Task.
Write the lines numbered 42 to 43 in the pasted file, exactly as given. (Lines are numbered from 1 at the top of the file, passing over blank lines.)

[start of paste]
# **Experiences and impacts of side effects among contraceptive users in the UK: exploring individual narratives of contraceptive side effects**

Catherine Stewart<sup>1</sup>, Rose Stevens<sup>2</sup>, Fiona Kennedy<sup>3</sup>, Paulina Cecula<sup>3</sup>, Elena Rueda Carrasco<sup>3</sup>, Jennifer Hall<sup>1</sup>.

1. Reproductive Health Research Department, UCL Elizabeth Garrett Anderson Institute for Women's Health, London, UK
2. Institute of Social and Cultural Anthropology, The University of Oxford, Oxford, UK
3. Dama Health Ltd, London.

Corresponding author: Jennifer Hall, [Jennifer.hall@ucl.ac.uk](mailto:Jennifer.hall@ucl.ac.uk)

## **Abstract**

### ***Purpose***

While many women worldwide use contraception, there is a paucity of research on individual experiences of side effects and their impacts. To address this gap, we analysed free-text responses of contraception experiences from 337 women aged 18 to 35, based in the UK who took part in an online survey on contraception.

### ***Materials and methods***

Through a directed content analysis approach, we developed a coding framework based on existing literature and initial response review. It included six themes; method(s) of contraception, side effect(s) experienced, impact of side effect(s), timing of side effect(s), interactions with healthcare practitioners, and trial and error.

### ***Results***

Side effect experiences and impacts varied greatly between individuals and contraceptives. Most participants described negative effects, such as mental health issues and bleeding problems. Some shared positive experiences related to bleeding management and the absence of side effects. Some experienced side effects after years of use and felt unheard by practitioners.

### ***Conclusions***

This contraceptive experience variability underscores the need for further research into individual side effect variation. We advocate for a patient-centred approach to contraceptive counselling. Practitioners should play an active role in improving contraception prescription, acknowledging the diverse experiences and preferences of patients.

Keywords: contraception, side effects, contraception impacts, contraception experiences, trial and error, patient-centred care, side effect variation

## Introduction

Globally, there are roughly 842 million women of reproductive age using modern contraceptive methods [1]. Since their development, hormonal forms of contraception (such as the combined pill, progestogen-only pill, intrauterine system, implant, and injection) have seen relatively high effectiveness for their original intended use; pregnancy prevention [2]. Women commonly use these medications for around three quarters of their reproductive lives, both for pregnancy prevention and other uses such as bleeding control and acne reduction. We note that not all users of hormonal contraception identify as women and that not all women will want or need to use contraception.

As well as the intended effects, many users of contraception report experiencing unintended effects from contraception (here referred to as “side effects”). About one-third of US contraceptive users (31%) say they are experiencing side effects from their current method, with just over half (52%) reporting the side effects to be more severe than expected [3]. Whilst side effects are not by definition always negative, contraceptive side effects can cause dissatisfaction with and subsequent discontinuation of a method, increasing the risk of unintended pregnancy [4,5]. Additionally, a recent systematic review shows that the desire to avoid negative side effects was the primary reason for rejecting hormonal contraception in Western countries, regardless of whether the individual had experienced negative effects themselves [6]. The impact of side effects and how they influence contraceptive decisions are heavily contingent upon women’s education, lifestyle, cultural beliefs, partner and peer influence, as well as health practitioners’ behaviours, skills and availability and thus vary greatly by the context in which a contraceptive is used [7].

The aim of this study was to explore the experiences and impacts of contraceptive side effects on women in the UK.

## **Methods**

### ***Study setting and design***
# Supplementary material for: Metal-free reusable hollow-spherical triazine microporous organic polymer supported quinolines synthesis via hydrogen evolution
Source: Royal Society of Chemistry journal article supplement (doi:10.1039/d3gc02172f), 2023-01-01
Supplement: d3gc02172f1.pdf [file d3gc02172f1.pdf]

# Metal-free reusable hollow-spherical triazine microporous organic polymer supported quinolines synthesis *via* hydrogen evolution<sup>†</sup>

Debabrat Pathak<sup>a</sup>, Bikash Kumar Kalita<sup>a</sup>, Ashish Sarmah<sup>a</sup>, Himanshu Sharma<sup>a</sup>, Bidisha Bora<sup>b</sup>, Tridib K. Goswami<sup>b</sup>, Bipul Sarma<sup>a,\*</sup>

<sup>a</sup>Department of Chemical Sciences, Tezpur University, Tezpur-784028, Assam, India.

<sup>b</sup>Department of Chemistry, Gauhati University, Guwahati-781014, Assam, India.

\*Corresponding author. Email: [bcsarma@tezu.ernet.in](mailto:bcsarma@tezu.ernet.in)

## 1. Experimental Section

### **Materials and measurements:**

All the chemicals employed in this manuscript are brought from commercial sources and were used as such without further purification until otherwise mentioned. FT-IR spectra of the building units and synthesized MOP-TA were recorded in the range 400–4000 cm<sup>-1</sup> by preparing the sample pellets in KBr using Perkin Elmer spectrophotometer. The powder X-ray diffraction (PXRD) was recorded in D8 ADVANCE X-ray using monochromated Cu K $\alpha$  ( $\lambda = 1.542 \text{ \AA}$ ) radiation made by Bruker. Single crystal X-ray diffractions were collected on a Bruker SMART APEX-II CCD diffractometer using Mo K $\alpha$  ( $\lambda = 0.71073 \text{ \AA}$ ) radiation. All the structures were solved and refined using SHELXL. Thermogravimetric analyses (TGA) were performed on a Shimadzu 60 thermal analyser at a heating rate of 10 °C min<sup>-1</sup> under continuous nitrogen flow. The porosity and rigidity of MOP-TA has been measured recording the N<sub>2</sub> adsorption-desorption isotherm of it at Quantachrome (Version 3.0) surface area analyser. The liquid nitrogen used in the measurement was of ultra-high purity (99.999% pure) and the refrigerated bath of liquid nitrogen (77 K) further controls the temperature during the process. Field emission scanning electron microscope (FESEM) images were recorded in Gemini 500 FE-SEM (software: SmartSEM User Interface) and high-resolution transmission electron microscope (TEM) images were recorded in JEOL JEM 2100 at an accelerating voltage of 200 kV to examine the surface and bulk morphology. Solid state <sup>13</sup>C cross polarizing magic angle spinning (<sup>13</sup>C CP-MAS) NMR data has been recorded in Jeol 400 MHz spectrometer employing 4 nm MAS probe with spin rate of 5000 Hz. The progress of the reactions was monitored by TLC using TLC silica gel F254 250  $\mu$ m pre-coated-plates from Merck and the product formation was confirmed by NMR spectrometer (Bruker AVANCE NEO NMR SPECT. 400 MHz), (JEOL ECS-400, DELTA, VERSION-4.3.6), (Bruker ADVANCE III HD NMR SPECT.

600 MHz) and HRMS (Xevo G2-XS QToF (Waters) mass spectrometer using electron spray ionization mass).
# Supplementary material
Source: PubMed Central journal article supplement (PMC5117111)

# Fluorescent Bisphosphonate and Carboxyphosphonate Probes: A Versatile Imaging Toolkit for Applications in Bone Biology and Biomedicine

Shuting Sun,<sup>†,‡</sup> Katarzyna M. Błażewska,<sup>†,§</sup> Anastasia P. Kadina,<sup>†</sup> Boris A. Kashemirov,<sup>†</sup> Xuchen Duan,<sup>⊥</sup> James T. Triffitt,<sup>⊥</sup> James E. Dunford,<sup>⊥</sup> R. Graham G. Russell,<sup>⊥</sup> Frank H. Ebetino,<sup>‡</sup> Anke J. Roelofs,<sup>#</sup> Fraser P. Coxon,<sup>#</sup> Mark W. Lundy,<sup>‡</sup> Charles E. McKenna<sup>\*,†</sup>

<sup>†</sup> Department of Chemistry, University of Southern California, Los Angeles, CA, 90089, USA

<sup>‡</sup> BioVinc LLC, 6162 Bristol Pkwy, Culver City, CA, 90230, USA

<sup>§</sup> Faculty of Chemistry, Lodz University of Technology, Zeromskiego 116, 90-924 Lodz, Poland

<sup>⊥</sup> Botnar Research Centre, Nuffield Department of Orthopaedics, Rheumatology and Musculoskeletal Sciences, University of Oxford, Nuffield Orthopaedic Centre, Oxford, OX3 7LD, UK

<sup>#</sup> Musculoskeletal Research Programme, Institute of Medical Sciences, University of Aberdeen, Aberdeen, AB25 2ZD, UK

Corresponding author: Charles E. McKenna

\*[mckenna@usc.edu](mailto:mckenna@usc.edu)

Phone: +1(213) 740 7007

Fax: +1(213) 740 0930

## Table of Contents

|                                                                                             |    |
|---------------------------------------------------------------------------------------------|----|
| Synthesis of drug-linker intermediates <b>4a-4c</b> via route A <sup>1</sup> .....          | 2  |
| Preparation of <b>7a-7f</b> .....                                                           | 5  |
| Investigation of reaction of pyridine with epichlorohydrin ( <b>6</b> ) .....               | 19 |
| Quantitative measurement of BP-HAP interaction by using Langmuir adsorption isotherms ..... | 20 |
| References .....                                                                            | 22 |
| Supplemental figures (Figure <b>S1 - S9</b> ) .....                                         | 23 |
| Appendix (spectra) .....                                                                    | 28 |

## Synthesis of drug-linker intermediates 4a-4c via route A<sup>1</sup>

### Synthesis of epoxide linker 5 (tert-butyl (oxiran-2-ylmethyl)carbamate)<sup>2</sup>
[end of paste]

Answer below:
<sup>⊥</sup> Botnar Research Centre, Nuffield Department of Orthopaedics, Rheumatology and Musculoskeletal Sciences, University of Oxford, Nuffield Orthopaedic Centre, Oxford, OX3 7LD, UK

<sup>#</sup> Musculoskeletal Research Programme, Institute of Medical Sciences, University of Aberdeen, Aberdeen, AB25 2ZD, UK